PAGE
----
1986 was a period of intense travel, with the Council and otherwise. On Thursday January 10th I went to Kandy with Yolande, to introduce some films at the Council, and then after lunch at the Queen’s for which Zem joined us, we had a drama workshop at the Children’s Library. The next day I went to Bandaragama to see our old family friend Donald Kannangara who had retired there to his old family home. I was not that close to him, nor in childhood to his children who were much older than me, but his oldest son Arjuna had palled up with me the previous summer and come to see me while I was at Univ over the summer. He was immensely handsome, though nearly 40 now, and a great cachet for when Univ dined at All Souls where many of the dons who lived in were enthralled. And I was gratified when, having married a Dutch diplomat, he named his eldest son by that marriage Rajiva.

That evening I went to the airport to pick up my old Oxford friend Chris Hall, and his partner Jackie Wardell whom he remained with for years before marrying and then divorcing her. Next morning we set off for Aluwihare, going via Pinnawala and Lankatileke and the Botanical Gardens and the Maligawa before joining Ena, and then the next day we went to Dambulla and Sigiriya. That evening I fulfilled an obligation I had long promised my mother, to look up some old friends who were at the Baptist Mission Retirement Home for their last days.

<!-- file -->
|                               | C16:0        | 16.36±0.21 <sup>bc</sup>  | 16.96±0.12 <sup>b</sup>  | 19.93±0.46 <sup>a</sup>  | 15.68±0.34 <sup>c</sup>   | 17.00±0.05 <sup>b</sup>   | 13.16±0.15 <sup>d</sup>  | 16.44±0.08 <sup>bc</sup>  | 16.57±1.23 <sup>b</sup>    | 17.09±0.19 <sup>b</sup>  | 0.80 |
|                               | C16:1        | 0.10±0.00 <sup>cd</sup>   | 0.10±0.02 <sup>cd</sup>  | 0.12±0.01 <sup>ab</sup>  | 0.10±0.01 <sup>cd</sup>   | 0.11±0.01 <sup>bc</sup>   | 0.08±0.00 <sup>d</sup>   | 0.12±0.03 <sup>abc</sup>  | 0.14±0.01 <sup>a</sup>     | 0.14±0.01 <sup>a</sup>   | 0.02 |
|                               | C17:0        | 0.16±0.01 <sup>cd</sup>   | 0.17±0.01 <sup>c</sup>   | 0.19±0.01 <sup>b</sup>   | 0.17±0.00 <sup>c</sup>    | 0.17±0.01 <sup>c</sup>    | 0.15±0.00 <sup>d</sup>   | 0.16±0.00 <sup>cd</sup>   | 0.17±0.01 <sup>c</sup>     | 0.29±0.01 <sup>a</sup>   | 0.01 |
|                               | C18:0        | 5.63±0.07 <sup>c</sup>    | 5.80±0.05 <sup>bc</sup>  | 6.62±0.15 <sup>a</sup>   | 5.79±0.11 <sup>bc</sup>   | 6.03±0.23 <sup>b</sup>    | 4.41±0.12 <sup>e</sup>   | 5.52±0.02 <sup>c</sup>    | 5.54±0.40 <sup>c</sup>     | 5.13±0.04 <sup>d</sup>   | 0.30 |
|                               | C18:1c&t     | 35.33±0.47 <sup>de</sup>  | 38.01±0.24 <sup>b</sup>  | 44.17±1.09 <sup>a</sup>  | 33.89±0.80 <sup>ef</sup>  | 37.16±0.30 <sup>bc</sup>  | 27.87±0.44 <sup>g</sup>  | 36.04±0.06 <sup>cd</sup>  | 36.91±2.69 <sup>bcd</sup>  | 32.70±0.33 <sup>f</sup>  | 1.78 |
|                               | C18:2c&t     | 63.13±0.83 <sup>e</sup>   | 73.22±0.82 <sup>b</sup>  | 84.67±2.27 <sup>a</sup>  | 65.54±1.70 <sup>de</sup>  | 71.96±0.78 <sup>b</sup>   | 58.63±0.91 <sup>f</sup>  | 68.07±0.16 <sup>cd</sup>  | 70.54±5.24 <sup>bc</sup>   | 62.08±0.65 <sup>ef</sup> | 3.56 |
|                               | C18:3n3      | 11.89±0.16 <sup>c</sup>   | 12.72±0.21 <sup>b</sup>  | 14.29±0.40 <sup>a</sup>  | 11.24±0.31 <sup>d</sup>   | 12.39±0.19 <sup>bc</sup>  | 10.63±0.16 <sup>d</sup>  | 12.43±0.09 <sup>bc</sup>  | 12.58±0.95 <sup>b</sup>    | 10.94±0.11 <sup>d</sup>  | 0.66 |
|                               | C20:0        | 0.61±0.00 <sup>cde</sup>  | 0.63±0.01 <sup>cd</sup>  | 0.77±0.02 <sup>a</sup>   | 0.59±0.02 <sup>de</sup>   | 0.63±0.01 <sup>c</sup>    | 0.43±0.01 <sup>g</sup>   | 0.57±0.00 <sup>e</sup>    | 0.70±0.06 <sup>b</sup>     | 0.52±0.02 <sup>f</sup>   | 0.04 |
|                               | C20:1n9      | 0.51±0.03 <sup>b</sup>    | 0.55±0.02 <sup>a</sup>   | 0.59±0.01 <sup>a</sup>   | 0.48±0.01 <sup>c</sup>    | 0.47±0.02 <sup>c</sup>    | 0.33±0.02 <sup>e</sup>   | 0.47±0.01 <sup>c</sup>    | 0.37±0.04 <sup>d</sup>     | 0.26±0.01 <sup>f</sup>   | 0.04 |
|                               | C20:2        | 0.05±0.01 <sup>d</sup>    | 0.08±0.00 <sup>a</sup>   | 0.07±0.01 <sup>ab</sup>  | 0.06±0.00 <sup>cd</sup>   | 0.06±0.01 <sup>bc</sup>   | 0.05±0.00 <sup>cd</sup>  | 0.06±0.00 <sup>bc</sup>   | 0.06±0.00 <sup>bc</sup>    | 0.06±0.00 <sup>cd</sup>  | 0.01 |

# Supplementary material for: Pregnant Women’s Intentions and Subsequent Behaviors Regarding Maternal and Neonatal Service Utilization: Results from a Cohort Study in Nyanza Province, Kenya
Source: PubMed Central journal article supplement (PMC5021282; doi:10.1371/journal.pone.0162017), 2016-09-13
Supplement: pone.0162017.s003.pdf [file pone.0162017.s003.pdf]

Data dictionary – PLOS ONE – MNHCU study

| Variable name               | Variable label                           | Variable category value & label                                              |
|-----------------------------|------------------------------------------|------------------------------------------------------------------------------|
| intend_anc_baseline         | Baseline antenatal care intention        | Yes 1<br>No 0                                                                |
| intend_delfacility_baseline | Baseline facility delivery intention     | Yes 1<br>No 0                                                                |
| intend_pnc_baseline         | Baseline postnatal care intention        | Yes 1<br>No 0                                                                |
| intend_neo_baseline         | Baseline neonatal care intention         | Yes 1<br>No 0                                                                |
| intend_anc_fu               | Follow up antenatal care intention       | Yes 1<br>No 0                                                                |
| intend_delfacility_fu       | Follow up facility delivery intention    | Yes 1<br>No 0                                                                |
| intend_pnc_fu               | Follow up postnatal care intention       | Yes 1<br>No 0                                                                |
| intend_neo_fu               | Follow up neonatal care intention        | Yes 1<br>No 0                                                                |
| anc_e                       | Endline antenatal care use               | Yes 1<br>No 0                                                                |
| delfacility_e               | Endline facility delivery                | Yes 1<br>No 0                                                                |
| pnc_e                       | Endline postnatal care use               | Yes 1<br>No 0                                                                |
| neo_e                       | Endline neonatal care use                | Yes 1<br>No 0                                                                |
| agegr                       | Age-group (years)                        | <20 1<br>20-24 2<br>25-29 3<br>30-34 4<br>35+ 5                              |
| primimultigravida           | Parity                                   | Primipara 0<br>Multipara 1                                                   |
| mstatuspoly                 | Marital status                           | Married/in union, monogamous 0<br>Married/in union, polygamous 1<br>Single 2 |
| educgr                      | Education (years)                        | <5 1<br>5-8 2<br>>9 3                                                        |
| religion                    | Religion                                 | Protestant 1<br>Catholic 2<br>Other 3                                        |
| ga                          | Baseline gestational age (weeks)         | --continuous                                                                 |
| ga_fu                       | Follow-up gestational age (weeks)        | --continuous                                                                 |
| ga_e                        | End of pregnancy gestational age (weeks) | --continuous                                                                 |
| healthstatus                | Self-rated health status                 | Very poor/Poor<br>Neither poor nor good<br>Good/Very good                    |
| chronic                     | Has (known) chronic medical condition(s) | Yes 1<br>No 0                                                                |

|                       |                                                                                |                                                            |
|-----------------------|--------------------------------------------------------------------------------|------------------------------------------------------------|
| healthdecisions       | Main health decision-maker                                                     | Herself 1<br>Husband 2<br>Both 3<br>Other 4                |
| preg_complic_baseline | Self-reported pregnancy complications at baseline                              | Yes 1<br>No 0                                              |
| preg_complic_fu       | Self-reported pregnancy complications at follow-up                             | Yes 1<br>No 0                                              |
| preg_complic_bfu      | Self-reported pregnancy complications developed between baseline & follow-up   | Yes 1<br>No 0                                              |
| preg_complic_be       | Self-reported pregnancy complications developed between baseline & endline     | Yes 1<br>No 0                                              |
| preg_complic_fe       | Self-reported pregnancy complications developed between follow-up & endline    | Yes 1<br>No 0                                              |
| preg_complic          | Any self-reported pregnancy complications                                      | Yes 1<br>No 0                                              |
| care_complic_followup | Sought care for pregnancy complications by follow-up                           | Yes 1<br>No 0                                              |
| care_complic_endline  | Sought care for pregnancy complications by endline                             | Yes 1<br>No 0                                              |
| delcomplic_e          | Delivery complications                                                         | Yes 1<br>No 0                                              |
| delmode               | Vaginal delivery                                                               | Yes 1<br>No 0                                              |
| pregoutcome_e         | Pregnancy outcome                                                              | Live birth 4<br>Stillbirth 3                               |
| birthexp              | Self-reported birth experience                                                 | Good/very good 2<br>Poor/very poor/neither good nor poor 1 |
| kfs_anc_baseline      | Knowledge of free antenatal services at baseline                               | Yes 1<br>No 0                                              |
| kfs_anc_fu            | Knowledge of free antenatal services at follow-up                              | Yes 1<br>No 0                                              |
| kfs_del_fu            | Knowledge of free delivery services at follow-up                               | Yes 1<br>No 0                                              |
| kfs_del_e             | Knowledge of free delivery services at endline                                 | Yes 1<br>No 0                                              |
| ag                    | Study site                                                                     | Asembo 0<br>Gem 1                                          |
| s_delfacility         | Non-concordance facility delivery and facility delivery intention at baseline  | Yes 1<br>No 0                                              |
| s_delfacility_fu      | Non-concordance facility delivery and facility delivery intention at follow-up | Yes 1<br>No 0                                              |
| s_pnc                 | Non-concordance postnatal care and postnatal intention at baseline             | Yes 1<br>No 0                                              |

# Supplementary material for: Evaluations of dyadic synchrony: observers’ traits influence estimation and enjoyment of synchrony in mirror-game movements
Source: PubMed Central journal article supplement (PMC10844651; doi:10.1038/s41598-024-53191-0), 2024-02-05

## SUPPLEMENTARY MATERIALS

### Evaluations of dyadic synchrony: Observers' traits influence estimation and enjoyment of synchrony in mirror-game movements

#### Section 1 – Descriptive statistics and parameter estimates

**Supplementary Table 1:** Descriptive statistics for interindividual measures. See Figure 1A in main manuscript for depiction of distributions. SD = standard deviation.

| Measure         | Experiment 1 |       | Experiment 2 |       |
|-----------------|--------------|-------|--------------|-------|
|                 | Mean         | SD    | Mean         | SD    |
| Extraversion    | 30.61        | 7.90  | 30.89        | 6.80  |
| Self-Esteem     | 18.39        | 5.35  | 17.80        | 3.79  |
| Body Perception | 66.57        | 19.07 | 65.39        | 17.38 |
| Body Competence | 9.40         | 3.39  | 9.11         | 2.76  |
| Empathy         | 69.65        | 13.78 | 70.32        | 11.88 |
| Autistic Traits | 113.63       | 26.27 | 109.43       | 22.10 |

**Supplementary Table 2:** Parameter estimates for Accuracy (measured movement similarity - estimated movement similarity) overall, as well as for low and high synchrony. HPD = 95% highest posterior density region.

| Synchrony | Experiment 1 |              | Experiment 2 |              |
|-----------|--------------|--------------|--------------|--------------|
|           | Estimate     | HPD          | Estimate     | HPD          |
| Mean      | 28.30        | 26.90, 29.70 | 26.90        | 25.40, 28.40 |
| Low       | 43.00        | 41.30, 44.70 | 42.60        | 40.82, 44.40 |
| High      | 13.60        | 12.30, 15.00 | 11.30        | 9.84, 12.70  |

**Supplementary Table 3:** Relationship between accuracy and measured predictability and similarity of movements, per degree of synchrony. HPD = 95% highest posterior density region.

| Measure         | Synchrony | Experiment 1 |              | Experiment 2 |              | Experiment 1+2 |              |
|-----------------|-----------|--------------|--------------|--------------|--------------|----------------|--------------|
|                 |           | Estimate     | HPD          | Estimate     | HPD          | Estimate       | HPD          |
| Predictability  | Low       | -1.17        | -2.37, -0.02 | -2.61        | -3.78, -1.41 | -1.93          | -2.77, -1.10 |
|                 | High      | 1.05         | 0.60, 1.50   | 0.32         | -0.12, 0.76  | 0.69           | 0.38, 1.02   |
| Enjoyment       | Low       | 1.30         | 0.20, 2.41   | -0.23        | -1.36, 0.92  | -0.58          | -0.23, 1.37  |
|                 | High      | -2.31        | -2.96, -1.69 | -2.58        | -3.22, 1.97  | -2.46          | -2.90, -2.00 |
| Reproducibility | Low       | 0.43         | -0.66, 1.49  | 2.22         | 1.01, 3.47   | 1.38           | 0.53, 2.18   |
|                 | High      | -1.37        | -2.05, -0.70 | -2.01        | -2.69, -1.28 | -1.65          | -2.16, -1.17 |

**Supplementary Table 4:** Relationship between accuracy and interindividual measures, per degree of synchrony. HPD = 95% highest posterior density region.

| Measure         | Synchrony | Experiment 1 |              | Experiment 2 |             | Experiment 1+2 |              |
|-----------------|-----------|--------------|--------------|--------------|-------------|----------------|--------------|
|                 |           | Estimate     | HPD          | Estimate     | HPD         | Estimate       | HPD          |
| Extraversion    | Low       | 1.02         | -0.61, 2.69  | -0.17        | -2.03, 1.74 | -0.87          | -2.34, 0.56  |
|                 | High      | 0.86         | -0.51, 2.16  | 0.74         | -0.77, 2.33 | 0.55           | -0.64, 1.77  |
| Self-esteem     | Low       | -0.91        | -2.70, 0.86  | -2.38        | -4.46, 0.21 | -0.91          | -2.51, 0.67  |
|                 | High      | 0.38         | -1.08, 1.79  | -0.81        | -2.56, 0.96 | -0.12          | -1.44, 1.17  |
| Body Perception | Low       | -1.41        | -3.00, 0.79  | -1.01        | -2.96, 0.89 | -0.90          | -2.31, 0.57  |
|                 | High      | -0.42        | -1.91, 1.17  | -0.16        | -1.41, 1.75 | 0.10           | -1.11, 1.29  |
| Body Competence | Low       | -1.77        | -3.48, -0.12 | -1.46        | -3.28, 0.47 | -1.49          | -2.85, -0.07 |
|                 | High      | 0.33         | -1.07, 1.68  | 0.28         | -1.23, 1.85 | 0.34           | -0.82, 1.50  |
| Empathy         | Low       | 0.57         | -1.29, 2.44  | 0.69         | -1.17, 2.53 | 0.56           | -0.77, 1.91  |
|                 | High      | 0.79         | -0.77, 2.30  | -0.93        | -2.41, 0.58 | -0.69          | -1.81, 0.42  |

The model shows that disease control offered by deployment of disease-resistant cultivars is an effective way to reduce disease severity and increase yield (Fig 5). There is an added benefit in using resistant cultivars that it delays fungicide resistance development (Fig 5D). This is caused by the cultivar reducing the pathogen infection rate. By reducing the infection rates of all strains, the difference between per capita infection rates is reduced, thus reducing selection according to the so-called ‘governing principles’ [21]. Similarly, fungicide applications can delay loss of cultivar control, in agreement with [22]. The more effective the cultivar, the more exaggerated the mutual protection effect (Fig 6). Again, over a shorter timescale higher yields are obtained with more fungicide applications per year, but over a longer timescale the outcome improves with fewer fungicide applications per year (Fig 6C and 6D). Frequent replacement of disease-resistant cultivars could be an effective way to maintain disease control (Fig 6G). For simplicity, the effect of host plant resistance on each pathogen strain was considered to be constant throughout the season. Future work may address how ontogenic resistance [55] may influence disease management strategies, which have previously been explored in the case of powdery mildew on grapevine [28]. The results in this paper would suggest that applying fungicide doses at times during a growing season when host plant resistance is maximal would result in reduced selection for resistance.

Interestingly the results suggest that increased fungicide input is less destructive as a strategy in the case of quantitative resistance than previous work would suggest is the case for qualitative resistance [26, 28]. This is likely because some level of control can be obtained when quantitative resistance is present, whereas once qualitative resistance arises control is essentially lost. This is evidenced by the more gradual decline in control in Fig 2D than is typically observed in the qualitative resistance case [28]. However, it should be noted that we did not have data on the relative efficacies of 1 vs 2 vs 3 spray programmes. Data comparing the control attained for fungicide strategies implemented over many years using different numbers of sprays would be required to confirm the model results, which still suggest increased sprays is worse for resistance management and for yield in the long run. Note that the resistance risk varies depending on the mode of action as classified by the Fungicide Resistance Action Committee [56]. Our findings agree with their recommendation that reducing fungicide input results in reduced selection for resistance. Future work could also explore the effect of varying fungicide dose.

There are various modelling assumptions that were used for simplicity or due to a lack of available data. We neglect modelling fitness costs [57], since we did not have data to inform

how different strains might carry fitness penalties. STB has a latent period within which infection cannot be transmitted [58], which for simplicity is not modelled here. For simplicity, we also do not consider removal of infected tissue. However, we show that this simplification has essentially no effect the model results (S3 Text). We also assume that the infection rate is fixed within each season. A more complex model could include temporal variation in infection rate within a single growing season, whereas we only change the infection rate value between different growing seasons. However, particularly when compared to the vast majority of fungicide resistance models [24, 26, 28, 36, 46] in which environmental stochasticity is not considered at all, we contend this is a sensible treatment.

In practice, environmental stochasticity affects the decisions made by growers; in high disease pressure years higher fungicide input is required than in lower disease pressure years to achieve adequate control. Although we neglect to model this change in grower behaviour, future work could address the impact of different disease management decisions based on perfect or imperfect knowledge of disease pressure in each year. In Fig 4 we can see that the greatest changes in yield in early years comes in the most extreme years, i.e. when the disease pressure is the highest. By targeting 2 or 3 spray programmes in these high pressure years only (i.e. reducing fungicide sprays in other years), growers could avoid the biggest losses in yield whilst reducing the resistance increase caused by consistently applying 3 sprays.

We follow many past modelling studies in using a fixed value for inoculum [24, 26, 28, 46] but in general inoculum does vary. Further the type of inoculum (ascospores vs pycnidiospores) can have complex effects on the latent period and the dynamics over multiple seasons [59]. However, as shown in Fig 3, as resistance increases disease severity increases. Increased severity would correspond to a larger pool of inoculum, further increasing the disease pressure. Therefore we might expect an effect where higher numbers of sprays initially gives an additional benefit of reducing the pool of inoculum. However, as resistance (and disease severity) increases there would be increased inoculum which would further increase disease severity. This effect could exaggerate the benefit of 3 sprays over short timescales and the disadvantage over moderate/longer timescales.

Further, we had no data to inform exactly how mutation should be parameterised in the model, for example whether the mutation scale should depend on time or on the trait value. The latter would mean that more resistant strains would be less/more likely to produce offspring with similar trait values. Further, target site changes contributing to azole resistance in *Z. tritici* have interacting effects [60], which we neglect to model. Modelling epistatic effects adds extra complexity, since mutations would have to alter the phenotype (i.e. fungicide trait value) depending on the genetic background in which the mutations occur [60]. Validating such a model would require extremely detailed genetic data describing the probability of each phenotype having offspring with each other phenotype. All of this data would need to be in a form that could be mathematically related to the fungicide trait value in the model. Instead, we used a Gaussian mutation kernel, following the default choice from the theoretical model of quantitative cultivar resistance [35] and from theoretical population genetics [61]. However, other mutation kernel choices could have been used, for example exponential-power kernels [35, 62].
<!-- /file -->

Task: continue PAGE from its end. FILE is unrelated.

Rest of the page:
These were Naomi Schokman and her niece Edie. We had met Edie’s mother Edith de Zylwa in Canada where she had gone with her youngest daughter Shirley, who had had polio, hoping that medical attention would help her live a more normal life. Edie, who was backward, had been left behind with Naomi who looked after her uncomplainingly.